Hezbollah’s ambitions are spreading far beyond its Lebanon home as the militant Shiite movement appears increasingly bent on taking on Sunni foes across the Middle East. It has sent thousands of its fighters into Syria and senior military advisers to Iraq, helped Shiite rebels rise to power in Yemen and threatened Bahrain over its abuse of the Shiite majority.
But the regional aspirations also are taking a heavy toll and threatening to undermine Hezbollah’s support at home. The group has suffered significant casualties, there is talk of becoming overstretched, and judging by the events of recent days, even a vague sense that the appetite for fighting the Israelis is waning.
In the recent confrontation, Israel struck first, purportedly destroying a Hezbollah unit near the front line of the Israeli-occupied Golan Heights. Among the seven dead on Jan. 18 were an Iranian general, a top Hezbollah commander and the son of another former commander in chief. A heavy Hezbollah retaliation appeared inevitable.
Yet when it came last Wednesday, Hezbollah’s revenge was relatively modest: two Israeli soldiers dead, seven wounded. The choice of location — a disputed piece of land excluded from a U.N. resolution that ended the 2006 war between Hezbollah and Israel — suggested to some that Hezbollah’s mind remains focused on more distant fronts.
The Hezbollah leader, Sheik Hassan Nasrallah, seemed to allude to criticism that Hezbollah’s taste for foreign adventurism is weakening its appetite for fighting Israel. In his speech Friday, Nasrallah said Israel had incorrectly thought that “Hezbollah is busy, confused, weak and drained. … The resistance is in full health, readiness, awareness, professionalism and courage.”
It is part of a complex equation for Hezbollah: On the one hand, many Lebanese resent the group for embroiling their vulnerable country in ruinous wars with Israel. But on the other, all shades of Muslim opinion see the Jewish state as a common enemy that Hezbollah forced, in 2000, to end an 18-year occupation in south Lebanon. In that sense even Sunnis, who along with Christians and Shiites make a third of the country’s population each, could see Hezbollah as a protector.
But that was then. Today, many increasingly look to Sunni-majority powers as Saudi Arabia, the United Arab Emirates and Egypt as their true backers.
“Increasingly, Hezbollah’s leadership perceives itself as a Shiite Arab regional actor, placing its commitment to the Palestinian cause on par with its mission as a defender of Shiite political and religious rights in the Arab region,” said Randa Slim, a director at the Washington-based Middle East Institute. “The consequence for Lebanon is that at some point the Shiite underpinnings of Hezbollah’s regional role will clash with the interests and demands of its non-Shiite, mainly Sunni compatriots.”
Hezbollah has room to grow as a leading defender of Shiites. But when Nasrallah has tried to make aggressive political proclamations, the results sometimes have backfired.
On Jan. 9, Nasrallah harshly criticized Bahrain over its crackdown on a Shiite-led uprising and its arrest of a leading Shiite cleric, Ali Salman. He compared Bahrain to his archenemy Israel, saying it was naturalizing foreigners to make the Persian Gulf island increasingly less Shiite.
Nasrallah then issued a veiled threat to Bahrain, although he said protests should remain peaceful. “Weapons can be sent to the most secure countries. Fighters and gunmen can enter and small groups can sabotage a country,” he said.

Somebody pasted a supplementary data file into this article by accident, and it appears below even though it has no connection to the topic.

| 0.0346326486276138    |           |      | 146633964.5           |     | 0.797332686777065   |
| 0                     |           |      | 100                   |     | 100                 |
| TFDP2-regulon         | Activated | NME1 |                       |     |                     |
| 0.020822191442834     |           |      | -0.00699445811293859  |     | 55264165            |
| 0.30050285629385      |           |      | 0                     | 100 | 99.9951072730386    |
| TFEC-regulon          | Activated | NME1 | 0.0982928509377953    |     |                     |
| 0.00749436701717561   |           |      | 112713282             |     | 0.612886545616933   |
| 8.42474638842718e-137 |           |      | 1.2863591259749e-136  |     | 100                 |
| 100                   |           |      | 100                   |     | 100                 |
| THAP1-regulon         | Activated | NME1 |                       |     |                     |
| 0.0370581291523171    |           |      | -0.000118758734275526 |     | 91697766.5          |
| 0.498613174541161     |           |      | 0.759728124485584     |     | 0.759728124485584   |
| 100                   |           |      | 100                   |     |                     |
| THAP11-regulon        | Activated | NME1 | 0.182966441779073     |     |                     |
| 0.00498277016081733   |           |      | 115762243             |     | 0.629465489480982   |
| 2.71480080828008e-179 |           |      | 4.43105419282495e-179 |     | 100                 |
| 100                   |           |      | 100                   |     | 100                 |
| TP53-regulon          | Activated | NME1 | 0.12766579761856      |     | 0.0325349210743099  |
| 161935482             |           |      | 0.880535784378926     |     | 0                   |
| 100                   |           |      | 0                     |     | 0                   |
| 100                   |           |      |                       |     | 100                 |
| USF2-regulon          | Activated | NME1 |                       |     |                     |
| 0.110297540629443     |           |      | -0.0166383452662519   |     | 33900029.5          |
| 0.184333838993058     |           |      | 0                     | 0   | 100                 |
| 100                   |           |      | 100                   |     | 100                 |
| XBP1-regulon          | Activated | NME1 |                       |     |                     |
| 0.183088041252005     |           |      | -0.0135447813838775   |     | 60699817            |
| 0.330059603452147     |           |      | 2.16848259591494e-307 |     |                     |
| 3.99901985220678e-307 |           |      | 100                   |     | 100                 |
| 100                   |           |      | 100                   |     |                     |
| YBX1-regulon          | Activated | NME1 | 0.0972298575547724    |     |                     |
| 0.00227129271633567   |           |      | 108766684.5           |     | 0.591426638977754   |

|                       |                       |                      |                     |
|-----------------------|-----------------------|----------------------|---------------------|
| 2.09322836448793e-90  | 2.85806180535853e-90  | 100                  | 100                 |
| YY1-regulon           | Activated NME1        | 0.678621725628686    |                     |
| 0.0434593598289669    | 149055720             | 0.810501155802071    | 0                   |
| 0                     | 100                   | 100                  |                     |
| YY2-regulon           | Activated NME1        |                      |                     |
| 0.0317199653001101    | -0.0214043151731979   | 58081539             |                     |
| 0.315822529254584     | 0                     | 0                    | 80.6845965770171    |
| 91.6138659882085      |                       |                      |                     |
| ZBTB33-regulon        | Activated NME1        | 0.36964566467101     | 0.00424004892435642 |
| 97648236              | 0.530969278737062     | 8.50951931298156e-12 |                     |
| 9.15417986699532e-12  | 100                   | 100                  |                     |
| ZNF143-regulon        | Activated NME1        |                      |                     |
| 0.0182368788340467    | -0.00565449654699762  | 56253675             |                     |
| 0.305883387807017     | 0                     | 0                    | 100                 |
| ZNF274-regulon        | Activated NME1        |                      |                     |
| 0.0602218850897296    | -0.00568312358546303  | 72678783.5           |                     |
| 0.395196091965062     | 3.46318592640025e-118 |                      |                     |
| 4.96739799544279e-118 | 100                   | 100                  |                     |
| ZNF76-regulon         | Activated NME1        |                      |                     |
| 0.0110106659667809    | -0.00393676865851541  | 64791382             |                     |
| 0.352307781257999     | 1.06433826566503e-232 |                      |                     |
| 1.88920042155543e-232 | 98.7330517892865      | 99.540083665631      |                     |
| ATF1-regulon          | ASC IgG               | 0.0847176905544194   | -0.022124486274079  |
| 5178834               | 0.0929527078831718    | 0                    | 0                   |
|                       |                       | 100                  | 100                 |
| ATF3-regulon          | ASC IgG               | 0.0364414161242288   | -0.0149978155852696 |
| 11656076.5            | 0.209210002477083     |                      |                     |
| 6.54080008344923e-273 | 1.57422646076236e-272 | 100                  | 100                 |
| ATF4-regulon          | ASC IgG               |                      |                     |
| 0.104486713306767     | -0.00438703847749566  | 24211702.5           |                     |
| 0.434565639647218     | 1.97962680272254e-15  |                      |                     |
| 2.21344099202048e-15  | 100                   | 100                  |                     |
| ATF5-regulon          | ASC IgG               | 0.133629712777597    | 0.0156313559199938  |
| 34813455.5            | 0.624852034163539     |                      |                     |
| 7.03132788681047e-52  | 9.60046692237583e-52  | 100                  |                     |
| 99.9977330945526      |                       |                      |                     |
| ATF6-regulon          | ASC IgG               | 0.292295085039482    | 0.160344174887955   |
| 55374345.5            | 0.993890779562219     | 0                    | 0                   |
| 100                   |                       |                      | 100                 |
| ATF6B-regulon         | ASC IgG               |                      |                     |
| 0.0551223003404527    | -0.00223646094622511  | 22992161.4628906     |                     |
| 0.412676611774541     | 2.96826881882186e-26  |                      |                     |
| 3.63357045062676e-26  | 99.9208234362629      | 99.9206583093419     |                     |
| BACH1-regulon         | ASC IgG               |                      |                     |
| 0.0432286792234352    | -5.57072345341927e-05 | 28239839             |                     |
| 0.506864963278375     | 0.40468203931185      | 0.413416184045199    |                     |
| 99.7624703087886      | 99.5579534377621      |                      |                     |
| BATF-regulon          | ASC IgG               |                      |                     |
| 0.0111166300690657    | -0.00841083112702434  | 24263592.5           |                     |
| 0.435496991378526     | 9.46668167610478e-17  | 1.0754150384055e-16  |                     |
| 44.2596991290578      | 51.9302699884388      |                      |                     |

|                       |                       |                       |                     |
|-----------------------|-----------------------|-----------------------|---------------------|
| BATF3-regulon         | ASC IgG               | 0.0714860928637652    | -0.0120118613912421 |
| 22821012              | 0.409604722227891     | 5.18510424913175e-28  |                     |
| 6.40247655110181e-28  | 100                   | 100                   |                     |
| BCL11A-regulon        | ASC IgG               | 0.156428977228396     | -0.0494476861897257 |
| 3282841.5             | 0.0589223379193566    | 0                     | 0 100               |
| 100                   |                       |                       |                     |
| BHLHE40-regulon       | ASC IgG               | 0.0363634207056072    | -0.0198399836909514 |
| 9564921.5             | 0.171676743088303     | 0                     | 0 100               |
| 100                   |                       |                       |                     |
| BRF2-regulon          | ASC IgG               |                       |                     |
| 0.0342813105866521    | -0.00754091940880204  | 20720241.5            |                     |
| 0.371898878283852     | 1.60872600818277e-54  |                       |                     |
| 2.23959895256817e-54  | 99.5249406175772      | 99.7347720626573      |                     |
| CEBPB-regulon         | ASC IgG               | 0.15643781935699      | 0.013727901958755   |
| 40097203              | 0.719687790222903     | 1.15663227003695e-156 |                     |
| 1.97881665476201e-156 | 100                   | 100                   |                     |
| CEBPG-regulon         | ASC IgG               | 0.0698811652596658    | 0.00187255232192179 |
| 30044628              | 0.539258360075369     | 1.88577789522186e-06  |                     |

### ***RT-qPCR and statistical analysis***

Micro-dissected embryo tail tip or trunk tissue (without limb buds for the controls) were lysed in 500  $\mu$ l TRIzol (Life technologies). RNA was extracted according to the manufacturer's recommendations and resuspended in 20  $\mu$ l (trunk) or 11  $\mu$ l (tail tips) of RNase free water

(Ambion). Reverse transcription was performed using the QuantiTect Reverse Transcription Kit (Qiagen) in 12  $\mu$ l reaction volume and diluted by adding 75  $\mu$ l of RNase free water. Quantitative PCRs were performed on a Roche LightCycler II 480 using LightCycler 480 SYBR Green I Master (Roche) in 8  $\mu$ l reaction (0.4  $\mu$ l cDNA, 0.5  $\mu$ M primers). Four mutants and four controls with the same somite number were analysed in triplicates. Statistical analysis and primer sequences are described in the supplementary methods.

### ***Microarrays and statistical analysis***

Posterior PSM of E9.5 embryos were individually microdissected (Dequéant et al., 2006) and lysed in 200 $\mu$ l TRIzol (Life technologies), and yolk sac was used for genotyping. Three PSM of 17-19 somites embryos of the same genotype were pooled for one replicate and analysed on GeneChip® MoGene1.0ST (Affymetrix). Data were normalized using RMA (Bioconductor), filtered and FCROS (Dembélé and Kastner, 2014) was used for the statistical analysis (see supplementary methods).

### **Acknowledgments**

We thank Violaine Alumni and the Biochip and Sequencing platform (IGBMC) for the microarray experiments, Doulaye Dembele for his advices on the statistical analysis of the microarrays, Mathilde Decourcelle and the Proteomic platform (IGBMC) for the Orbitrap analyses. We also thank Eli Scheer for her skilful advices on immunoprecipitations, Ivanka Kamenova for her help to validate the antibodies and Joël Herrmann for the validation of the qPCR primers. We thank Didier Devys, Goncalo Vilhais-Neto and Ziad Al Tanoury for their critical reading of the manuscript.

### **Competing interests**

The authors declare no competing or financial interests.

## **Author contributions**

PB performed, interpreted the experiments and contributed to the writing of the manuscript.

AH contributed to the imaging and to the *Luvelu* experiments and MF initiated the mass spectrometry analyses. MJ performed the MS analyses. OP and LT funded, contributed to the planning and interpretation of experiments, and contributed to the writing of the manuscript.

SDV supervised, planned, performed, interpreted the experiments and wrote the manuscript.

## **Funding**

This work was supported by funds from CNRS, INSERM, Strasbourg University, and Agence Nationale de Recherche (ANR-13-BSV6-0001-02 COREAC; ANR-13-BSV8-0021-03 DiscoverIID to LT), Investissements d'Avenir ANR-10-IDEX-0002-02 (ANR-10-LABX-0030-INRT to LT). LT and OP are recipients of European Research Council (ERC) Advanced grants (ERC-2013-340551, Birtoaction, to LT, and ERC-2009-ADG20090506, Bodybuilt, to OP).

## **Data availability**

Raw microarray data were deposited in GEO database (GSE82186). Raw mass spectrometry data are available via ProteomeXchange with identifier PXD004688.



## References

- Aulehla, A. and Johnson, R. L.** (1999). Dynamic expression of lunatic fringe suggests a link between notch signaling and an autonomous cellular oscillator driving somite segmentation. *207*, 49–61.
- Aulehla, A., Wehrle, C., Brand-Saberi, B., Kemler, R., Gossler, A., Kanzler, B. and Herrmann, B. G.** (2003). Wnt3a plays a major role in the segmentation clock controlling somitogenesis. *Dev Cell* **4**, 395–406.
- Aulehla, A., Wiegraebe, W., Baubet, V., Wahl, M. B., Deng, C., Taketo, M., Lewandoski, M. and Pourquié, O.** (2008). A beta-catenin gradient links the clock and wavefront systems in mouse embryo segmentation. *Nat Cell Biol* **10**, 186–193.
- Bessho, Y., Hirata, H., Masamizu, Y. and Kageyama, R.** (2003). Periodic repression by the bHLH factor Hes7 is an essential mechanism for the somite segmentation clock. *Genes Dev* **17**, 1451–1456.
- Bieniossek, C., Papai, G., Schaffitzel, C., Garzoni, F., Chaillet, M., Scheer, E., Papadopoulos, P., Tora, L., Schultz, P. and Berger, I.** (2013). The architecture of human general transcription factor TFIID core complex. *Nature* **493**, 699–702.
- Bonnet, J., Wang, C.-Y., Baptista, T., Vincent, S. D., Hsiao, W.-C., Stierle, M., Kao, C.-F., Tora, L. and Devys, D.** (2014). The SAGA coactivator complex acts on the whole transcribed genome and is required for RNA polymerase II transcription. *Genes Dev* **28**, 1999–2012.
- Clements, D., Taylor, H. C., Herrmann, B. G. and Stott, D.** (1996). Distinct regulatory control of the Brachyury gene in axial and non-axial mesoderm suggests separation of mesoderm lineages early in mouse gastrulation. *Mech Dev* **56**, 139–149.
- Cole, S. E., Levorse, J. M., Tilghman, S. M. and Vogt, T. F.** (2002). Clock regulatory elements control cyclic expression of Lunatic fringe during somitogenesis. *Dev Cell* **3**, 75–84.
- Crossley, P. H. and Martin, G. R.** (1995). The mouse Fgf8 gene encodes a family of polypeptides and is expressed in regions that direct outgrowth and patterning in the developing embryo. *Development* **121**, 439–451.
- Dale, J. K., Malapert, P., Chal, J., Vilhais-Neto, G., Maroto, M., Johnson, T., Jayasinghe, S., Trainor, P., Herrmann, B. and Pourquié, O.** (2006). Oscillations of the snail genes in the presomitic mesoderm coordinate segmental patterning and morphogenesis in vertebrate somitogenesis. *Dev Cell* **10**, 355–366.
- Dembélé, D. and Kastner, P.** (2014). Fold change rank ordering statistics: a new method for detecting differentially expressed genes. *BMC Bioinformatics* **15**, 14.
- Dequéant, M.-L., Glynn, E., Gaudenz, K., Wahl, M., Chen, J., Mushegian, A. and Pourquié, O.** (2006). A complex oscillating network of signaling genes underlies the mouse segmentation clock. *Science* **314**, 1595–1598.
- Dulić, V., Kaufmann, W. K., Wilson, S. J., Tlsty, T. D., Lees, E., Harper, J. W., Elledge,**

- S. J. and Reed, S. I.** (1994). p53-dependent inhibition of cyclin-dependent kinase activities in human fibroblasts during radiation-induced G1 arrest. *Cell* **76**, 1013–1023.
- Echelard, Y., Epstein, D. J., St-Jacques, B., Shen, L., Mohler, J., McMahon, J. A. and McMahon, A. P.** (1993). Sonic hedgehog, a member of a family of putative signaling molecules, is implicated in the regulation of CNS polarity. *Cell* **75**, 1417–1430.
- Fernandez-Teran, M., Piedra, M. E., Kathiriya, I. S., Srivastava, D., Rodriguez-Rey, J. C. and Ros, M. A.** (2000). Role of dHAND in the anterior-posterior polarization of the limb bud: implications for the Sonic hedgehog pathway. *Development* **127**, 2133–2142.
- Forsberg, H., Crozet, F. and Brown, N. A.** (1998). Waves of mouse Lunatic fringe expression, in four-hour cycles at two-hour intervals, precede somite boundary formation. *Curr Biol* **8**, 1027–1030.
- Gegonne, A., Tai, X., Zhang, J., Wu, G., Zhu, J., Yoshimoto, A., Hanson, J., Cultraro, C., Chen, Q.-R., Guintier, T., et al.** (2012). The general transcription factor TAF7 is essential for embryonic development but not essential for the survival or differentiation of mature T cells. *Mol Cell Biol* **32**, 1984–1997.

Hostile reaction swept the Arab world and Lebanon, where even some Shiites complained that threatening Bahrain could spur oil-rich Gulf nations to expel Lebanese Shiites from their soil. The six-nation Gulf Cooperation Council called Nasrallah’s comments “hostile and irresponsible.” The 22-nation Arab League accused him of meddling in Bahrain.
Hezbollah’s largest and most visible commitment is in Syria, where thousands of Hezbollah members are fighting alongside President Bashar Assad’s forces against predominantly Sunni rebels.
When Hezbollah first sent fighters to Syria in late 2012, Nasrallah said their role was to defend Shiite holy shrines near the capital, Damascus. Their role expanded to the defense of predominantly Shiite Lebanese residents of Syrian villages. The group now says its main reason to be in Syria is to prevent Sunni extremists from moving into Lebanon.
Hardly a week passes without Hezbollah’s Al-Manar TV airing funerals for fighters slain in Syria. Last year, a Hezbollah commander, Ibrahim Mohammed al-Haj, was killed while on a “jihadi mission” in Iraq.
Hezbollah positions in Lebanon also face repeated attacks mostly by an al-Qaida-linked group, the Nusra Front, based on the Syrian side of the border. Their wave of bombings since late 2013 have killed and wounded scores of people, and obliged Hezbollah to employ stiff security countermeasures, including the deployment of plainclothes Hezbollah members around the clock in Shiite business districts south of Beirut.
In Yemen, security officials say Hezbollah, which has long had a presence, has dispatched increasing number of cadres to the impoverished country since Shiite Houthis took over the capital, Sanaa, in September and later the airport.
The officials said before the takeover of the capital, Hezbollah had military and security advisers based in the Houthi’s stronghold of Saada province near the Saudi border, where the group’s leader, Abdul-Malik al-Houthi, is based.
Analyst Rami Khouri recently wrote in Lebanon’s Daily Star newspaper that all the adventurism has come at a political price.
“Hezbollah was widely acclaimed in much of Lebanon and the region for leading the battle to liberate south Lebanon from Israeli occupation,” he wrote. “Today, the very polarized Lebanese see the party either as the nation’s savior and protector — or as a dangerous Iranian Trojan horse.”
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